On September 14, IBL Fellows and legal practitioners had the opportunity to hear from three distinguished panelists about the challenges global corporations face post Dodd-Frank at a Breakfast Roundtable hosted by Cleary Gottlieb Steen & Hamilton LLP and the Dennis J. Block Center for the Study of International Business Law. The panel was organized and moderated by Brooklyn Law School Centennial Professor of Law Roberta Karmel.
The first panel was led by David Becker, a partner in Cleary Gottlieb’s Washington D.C. office, and a former U.S. Securities and Exchange Commission General Counsel During his tenure, he played a central role in the Commission’s efforts to implement the Dodd-Frank Act. At the Roundtable he spoke about whistle-blowing and what it means for American businesses and the Securities and Exchange Commission.
The second panelist to speak was Katherine Choo, the Chief Investigative and Anti-Corruption Counsel of General Electric Company. She joined GE after serving as Assistant U.S. Attorney in the Southern District of New York, where she served as a Deputy Chief in the Criminal Division and Chief of the General Crimes Unit of the Office and specialized in the prosecutions of securities fraud and other white-collar offenses. She provided an overview of what compliance with the Foreign Corrupt Practices Act (FCPA) looks like within the structure of a multi-national global company like GE. She offered a detailed description of the various risks GE faces and the company’s efforts to maintain its books and records and implement its vigorous anti-corruption program that relies on strong internal controls. She also spoke to students about the range of potential employment opportunities in the area of FCPA compliance.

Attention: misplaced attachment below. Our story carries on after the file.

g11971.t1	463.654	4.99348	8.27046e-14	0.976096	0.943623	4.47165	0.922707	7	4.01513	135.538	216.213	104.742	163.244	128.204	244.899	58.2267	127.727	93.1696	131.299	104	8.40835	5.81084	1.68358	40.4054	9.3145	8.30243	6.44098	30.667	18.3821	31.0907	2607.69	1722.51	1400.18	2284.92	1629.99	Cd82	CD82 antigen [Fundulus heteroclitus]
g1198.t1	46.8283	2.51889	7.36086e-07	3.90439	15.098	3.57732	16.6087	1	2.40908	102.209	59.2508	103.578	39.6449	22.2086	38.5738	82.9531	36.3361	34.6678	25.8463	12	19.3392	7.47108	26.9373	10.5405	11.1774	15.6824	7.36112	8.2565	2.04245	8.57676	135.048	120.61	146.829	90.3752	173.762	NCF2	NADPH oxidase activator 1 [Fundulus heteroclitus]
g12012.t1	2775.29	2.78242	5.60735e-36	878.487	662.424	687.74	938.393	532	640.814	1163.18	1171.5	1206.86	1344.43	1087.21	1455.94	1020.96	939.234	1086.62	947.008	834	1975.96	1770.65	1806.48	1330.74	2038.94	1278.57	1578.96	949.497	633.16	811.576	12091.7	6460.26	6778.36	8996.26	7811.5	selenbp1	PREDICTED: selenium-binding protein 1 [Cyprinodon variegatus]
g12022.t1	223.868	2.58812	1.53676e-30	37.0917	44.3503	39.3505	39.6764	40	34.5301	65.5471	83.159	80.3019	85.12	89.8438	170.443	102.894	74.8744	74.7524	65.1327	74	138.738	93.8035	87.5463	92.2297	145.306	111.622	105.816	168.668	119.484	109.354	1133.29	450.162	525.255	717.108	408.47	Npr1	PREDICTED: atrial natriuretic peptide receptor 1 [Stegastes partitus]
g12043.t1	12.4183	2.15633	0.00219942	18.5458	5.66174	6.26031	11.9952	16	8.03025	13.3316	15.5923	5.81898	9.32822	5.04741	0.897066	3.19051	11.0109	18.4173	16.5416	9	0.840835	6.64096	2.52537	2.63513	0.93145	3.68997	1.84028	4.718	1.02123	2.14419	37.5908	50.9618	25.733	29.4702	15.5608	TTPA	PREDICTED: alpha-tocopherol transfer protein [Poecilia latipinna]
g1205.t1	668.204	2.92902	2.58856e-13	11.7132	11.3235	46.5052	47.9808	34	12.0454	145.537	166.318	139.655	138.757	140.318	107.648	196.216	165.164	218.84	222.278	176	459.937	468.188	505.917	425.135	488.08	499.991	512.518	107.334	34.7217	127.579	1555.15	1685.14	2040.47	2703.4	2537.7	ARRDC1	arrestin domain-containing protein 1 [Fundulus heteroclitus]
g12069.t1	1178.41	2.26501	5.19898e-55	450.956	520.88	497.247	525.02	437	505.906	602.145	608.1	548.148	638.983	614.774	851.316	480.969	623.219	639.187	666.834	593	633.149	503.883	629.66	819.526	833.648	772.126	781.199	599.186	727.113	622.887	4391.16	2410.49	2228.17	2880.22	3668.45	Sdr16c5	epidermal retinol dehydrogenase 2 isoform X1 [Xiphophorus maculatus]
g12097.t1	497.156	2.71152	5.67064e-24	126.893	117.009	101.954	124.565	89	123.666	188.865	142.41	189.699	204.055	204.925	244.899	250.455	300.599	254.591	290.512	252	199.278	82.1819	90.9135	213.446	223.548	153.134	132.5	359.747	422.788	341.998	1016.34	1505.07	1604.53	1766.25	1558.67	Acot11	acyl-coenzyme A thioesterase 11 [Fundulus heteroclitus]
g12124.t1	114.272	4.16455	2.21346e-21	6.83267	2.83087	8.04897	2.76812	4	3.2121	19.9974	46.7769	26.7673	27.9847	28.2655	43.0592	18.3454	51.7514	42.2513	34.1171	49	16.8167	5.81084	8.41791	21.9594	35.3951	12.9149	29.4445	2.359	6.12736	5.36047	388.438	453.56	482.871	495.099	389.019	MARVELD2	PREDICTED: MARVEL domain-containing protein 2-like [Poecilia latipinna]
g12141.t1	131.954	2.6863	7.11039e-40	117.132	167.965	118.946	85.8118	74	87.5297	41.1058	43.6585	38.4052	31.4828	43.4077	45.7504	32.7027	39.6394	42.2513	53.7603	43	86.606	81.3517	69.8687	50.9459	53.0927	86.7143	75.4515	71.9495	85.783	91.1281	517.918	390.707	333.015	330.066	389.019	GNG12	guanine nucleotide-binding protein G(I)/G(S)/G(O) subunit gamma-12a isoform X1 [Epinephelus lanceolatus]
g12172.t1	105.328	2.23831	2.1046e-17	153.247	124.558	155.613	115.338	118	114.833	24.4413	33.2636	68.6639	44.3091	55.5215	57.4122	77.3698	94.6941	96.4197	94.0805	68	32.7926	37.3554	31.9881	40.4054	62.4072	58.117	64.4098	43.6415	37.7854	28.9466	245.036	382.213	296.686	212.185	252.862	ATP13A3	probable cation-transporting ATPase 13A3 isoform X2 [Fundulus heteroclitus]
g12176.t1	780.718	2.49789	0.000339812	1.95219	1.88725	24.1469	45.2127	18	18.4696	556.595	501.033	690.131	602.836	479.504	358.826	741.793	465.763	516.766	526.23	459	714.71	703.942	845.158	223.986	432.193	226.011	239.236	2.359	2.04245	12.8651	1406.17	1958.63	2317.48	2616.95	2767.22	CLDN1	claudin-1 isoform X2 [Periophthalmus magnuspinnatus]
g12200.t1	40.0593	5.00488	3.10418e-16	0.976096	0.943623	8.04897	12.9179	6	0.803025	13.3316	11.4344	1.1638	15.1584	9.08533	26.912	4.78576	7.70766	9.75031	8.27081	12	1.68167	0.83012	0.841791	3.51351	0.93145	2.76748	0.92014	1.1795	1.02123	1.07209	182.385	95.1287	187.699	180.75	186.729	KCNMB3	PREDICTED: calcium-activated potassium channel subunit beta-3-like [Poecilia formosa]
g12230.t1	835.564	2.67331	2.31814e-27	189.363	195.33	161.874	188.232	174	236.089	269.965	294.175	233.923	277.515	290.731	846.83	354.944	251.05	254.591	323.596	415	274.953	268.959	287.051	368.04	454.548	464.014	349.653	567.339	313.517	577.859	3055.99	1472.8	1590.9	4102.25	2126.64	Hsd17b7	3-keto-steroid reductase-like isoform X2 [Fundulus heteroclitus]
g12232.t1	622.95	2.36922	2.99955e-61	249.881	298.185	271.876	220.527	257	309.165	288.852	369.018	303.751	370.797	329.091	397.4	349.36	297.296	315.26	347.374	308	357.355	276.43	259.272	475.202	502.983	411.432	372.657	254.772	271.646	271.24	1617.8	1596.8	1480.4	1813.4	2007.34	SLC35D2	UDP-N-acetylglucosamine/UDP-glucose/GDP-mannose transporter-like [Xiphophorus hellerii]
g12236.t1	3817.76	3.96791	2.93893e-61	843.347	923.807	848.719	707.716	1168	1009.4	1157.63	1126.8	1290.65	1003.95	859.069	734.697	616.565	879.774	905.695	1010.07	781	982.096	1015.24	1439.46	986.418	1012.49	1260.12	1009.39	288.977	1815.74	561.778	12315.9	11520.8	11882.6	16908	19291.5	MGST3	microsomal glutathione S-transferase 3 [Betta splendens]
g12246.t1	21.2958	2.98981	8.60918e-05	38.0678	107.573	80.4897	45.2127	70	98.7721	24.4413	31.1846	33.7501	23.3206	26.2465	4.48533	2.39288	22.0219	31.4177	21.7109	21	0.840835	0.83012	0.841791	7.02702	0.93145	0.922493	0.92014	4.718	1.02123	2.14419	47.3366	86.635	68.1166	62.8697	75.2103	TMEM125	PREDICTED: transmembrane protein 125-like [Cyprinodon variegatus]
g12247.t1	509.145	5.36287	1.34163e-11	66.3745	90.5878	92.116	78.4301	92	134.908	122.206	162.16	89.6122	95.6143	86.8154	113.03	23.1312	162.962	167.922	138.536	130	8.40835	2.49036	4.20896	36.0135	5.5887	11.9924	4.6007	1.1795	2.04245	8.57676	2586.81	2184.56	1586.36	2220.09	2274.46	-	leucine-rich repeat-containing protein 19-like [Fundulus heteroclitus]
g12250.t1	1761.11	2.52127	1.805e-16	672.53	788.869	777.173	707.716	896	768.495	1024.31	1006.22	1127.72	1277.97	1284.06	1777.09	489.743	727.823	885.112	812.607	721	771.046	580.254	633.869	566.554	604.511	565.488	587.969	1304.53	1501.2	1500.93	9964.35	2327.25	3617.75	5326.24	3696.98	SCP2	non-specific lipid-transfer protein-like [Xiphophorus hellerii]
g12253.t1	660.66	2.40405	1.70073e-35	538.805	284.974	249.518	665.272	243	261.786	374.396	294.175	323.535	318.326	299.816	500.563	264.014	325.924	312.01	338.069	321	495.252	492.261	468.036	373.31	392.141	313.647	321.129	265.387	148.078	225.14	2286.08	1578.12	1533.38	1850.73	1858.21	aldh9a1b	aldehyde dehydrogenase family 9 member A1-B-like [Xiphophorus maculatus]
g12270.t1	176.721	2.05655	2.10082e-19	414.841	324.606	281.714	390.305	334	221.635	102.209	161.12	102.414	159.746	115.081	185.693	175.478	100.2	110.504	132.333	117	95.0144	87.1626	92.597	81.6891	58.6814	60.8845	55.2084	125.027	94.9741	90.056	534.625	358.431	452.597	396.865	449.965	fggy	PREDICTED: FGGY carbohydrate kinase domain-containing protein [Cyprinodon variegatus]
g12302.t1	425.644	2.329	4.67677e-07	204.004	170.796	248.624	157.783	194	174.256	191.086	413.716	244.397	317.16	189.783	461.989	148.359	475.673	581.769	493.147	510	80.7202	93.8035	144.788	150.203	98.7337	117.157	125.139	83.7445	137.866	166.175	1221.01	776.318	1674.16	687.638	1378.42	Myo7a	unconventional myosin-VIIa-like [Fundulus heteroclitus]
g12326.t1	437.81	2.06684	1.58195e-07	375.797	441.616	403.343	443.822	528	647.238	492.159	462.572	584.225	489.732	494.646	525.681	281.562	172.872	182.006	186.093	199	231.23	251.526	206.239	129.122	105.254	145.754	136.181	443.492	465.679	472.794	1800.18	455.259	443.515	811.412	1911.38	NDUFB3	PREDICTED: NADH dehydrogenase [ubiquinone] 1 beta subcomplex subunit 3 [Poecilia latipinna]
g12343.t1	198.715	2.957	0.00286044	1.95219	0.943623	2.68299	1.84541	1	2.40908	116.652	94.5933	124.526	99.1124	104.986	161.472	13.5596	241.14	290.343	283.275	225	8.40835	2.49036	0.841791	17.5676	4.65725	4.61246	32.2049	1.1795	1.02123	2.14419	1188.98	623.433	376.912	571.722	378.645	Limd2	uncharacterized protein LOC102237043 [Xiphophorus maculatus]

The third speaker was Edward F. Greene, a partner in the New York office of Cleary Gottlieb. Mr. Greene, also served as General Counsel at the Securities and Exchange Commission in addition to serving as its Director of the Division of Corporate Finance. He addressed the issue of “Too Big To Fail” and the need for strengthening the rule-of-law in supervision of international financial firms. “While current U.S. politics make a treaty framework difficult to achieve at present, key policymakers and market actors must continue to build and press the case,” he said. In particular, he suggested that an international resolution facility for banks was an important goal.